Every Taylor Swift Era Explained

Taylor Swift is undoubtedly one of the most influential musicians of our time. She's been making headlines since the summer of 2006 when her debut single "Tim McGraw" was released and is still the center of attention two decades later. Since her debut, Swift has sold over 114 million albums and won 14 Grammys. With deeply personal lyrics rich with symbolism, her music speaks to humanity without the borders of age or gender. From a country pop darling to an indie pop icon, Swift's music has evolved through the years, providing cathartic entertainment that proves the haters wrong.

Millions of Swifties around the world recognize the attention to detail that goes into every Taylor Swift album. Each album marks the beginning of an era characterized by unique aesthetics that complement the concept of the album, Easter eggs, breathtaking visuals, and gorgeous outfits. (And, of course, there's Swift's complex dating history, which only adds to all the lore.) All this goes hand-in-hand with her magical voice and powerful songwriting to birth some of the most streamed albums in history. Whether you are a new or seasoned Swiftie, sometimes the task of remembering the details of every era can be more difficult than expected. Fret not, we have compiled brief explanations of every Taylor Swift era for your perusal.

Taylor Swift's debut album introduced the world to a country music darling

Ah, the era that started it all. The year was 2006, and a young aspiring country star named Taylor Swift entered the world of music with nothing but a guitar and some country attire. After years of performing in bars and venues in Nashville in hopes of getting a record deal, the singer-songwriter debuted her first and self-titled album, "Taylor Swift," at the mere age of 16. Soon enough, the young singer was opening for famous country acts like Rascal Flatts, Tim McGraw, and Faith Hill, all while having hits like "Teardrops on My Guitar" and "Tim McGraw" topping the charts.

The success of her debut album, of course, had Swift emerging into the music world as a teenage country darling, instantly recognizable by her tight blond curls, floral sundresses, and signature cowboy boots — and all of it coming together to form a monumental breakout era defined by Swift's country-chic style and sweet girl-next-door status. And who could forget her adorable country twang?

The Fearless era was full of sequins and teenage romanticism

With the release of her highly successful sophomore album "Fearless," the year 2008 had Taylor Swift beginning to emerge as a household name, with now-classic hits like "You Belong With Me" and "Love Story" quickly establishing the singer as a teenage country-pop icon. In fact, Swift even earned her first Album of the Year Grammy win for "Fearless," making history as the youngest-ever artist to claim the category at the age of 20 — until 18-year-old Billie Eilish broke her record in 2020.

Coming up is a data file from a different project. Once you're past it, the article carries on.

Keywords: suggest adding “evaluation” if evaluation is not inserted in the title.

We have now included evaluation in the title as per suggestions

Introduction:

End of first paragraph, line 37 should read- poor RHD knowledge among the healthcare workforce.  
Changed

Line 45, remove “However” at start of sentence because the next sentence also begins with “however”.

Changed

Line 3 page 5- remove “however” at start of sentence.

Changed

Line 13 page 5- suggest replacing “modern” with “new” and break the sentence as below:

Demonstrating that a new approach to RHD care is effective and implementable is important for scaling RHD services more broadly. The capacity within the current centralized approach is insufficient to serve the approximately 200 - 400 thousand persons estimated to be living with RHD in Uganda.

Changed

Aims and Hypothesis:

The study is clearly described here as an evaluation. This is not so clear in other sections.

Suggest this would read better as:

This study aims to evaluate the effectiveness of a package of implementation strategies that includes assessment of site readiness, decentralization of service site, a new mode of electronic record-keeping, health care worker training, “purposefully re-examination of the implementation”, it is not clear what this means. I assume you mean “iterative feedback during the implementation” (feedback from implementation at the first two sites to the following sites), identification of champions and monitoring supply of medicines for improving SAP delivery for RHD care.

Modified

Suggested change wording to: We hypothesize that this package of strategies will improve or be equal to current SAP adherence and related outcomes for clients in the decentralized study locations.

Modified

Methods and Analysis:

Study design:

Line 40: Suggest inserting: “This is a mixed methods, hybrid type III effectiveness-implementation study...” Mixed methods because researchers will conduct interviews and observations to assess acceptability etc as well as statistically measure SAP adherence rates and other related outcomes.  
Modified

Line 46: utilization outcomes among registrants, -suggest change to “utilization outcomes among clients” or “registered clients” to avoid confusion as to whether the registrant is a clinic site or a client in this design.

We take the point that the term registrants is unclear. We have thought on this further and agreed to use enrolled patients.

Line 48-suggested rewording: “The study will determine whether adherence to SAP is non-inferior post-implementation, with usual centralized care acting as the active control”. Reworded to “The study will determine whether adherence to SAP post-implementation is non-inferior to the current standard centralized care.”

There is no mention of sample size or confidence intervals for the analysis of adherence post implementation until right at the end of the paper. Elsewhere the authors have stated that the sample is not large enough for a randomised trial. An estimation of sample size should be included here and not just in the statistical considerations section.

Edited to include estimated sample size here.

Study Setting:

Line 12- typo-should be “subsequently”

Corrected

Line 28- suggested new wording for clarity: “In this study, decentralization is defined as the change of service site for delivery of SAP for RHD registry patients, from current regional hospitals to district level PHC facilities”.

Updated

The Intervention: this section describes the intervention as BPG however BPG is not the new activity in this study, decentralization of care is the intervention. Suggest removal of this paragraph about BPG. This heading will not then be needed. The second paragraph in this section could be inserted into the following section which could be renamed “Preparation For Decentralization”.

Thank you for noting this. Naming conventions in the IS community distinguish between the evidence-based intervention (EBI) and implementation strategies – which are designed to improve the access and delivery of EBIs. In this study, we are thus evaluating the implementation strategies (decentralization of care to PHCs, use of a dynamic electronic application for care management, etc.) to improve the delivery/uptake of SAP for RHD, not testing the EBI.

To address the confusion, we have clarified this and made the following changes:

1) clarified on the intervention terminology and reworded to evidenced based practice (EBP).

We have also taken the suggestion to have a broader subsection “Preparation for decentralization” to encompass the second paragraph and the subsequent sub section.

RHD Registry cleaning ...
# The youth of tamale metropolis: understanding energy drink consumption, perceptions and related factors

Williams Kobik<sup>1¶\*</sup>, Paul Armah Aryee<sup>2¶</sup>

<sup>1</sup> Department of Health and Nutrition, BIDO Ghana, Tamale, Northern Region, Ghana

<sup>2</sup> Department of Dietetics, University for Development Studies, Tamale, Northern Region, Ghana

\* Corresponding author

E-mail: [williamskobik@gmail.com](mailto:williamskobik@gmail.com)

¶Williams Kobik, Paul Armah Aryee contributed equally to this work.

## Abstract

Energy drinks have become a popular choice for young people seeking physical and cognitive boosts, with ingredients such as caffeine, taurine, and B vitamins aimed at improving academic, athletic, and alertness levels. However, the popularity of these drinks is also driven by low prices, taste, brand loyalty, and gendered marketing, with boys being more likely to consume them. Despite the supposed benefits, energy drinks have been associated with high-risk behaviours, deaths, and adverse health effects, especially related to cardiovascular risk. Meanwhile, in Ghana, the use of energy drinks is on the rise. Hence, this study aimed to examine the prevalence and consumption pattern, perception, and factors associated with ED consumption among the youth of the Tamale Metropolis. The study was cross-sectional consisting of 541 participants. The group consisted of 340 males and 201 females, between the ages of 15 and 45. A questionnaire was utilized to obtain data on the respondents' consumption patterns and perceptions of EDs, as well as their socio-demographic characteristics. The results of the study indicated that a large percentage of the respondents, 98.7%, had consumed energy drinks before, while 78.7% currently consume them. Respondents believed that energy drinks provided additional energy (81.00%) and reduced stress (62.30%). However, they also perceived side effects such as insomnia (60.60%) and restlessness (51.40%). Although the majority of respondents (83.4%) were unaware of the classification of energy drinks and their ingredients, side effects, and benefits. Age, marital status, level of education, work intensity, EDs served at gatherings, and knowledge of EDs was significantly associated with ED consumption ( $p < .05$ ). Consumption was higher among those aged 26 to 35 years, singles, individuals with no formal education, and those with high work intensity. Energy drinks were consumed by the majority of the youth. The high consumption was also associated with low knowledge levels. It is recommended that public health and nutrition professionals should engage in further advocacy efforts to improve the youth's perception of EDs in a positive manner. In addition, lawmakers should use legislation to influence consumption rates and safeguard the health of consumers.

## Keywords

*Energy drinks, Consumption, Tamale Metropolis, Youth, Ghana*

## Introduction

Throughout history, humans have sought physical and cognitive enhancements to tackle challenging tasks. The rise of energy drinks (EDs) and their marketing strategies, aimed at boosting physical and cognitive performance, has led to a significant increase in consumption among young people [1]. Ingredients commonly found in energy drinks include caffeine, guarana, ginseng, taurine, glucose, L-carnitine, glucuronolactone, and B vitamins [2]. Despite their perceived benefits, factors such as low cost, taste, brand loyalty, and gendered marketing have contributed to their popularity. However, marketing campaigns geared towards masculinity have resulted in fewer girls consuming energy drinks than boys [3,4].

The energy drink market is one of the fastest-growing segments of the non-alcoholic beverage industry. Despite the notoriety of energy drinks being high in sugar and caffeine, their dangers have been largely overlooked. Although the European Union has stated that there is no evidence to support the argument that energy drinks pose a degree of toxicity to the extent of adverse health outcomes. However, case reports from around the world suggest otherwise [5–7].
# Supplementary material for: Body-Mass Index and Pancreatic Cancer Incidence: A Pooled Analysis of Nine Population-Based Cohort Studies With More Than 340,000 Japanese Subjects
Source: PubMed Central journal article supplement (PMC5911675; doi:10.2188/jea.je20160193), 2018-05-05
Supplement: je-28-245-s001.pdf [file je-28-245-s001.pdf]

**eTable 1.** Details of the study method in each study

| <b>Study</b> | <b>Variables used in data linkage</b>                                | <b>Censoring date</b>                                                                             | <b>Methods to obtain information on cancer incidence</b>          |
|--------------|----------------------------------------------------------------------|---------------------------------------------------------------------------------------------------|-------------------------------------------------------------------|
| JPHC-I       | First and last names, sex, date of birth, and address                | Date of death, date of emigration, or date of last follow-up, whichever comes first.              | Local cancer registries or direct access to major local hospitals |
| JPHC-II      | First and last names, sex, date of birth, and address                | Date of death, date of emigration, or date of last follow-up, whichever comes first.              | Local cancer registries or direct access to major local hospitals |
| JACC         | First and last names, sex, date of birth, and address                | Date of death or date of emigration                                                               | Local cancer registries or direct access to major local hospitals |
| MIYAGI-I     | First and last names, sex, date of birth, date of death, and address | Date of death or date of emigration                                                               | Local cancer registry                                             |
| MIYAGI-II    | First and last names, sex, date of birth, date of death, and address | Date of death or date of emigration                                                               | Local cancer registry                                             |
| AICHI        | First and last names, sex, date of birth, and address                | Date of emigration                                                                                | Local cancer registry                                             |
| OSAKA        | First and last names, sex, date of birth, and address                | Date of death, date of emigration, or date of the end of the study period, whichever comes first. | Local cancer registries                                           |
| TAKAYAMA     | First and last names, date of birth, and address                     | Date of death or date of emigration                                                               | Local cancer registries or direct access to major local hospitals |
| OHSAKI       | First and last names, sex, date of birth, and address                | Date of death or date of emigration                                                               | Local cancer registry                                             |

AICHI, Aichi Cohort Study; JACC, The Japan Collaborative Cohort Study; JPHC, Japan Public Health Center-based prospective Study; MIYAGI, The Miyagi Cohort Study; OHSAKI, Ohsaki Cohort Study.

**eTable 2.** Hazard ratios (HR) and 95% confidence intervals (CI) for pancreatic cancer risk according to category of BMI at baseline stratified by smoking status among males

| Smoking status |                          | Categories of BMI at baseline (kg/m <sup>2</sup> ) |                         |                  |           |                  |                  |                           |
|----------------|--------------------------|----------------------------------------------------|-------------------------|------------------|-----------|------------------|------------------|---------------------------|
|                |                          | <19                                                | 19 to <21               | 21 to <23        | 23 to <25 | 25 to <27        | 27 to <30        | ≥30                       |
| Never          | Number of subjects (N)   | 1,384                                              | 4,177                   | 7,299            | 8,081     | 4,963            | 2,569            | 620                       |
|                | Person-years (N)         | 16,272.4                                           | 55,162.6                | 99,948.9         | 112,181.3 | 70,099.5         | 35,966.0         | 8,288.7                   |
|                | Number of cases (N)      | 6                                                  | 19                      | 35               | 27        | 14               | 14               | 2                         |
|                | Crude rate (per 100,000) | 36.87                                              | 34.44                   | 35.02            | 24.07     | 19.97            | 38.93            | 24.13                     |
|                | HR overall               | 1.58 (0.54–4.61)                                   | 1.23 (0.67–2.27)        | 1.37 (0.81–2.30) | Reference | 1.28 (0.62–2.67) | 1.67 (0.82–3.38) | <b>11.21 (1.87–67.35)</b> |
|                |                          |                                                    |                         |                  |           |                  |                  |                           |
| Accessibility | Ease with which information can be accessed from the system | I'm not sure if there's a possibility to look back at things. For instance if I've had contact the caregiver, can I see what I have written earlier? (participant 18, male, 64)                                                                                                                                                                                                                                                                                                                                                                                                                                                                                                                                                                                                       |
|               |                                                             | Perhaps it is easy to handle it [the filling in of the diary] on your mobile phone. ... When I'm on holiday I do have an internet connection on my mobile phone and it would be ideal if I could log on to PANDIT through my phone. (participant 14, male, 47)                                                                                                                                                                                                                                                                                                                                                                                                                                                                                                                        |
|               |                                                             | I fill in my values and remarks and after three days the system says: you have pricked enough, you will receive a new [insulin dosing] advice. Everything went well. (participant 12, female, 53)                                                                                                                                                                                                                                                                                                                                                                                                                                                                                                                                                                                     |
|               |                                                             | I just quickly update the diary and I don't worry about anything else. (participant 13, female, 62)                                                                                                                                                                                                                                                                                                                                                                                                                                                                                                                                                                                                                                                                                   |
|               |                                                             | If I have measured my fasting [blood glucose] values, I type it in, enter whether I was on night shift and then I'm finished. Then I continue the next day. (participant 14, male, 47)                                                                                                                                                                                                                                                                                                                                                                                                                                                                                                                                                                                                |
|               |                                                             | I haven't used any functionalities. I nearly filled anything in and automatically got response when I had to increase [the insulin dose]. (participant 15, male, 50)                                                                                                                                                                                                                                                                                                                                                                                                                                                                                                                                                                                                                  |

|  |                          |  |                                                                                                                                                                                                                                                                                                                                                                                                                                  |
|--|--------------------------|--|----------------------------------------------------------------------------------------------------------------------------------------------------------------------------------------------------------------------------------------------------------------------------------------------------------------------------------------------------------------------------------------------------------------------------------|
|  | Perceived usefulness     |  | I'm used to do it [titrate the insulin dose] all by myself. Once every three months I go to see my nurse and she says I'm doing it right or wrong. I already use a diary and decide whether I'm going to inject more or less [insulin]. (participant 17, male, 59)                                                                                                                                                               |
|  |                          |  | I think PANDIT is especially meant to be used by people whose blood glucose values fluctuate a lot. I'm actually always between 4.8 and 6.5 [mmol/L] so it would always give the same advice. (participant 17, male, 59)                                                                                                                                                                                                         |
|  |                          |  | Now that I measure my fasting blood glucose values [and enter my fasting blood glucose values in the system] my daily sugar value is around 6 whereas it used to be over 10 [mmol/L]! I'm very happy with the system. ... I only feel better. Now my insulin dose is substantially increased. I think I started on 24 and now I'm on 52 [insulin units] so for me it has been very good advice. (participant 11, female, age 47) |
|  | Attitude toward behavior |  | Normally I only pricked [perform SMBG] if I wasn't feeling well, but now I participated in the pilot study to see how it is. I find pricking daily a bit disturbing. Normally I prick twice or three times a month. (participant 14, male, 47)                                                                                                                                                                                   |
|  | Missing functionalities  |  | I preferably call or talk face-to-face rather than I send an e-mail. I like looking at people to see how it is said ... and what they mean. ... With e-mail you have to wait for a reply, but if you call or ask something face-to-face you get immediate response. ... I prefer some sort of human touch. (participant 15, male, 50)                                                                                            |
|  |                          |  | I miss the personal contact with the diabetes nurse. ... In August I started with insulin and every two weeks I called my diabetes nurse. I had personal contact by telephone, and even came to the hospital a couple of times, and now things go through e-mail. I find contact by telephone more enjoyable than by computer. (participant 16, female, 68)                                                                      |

As for what the iconic "Fearless" era was defined by, early fans will nostalgically recall the singer's sparkly dresses and ball gowns, signature winged eyeliner, hand hearts, and of course, Swift's lucky number 13, which the singer started donning on her hand for her performances during this era. "'Fearless' was an album full of magic and curiosity, the bliss and devastation of youth," Swift recalled in early 2021 (via Taste of Country). "It was the diary of the adventures and explorations of a teenage girl who was learning tiny lessons with every new crack in the facade of the fairy-tale ending she'd been shown in the movies."

Speak Now was Taylor Swift's most magical and theatrical era

Following the success of "Fearless," Swift set out to further prove herself as a rising star, and more specifically, as a talented songwriter. Her 2010 album "Speak Now" was her first (and only) self-written album, written entirely by herself without the help of co-writers. As noted by Pitchfork, it was a truly personal and confessional album that focused on that transitional period between "adolescence and adulthood, innocence and understanding, country and pop."

Much like the album itself (with songs like "Enchanted," "Sparks Fly," and "Long Live"), the "Speak Now" era was undoubtedly defined by its magical and theatrical aspects. In fact, Taylor Swift's ambitious Speak Now World Tour was inspired by Broadway and was a truly wondrous spectacle filled with pyrotechnics, lighted trees, dancers, aerialists, and multiple costumes and set changes. Ultimately, when you think "Speak Now," you'll probably think of Swift's sparkly dresses and looser curls, her "Wonderstruck" perfume line, and her ethereal "fairy tale" aesthetic.

The Red era saw Taylor Swift shifting into a more mature, experimental style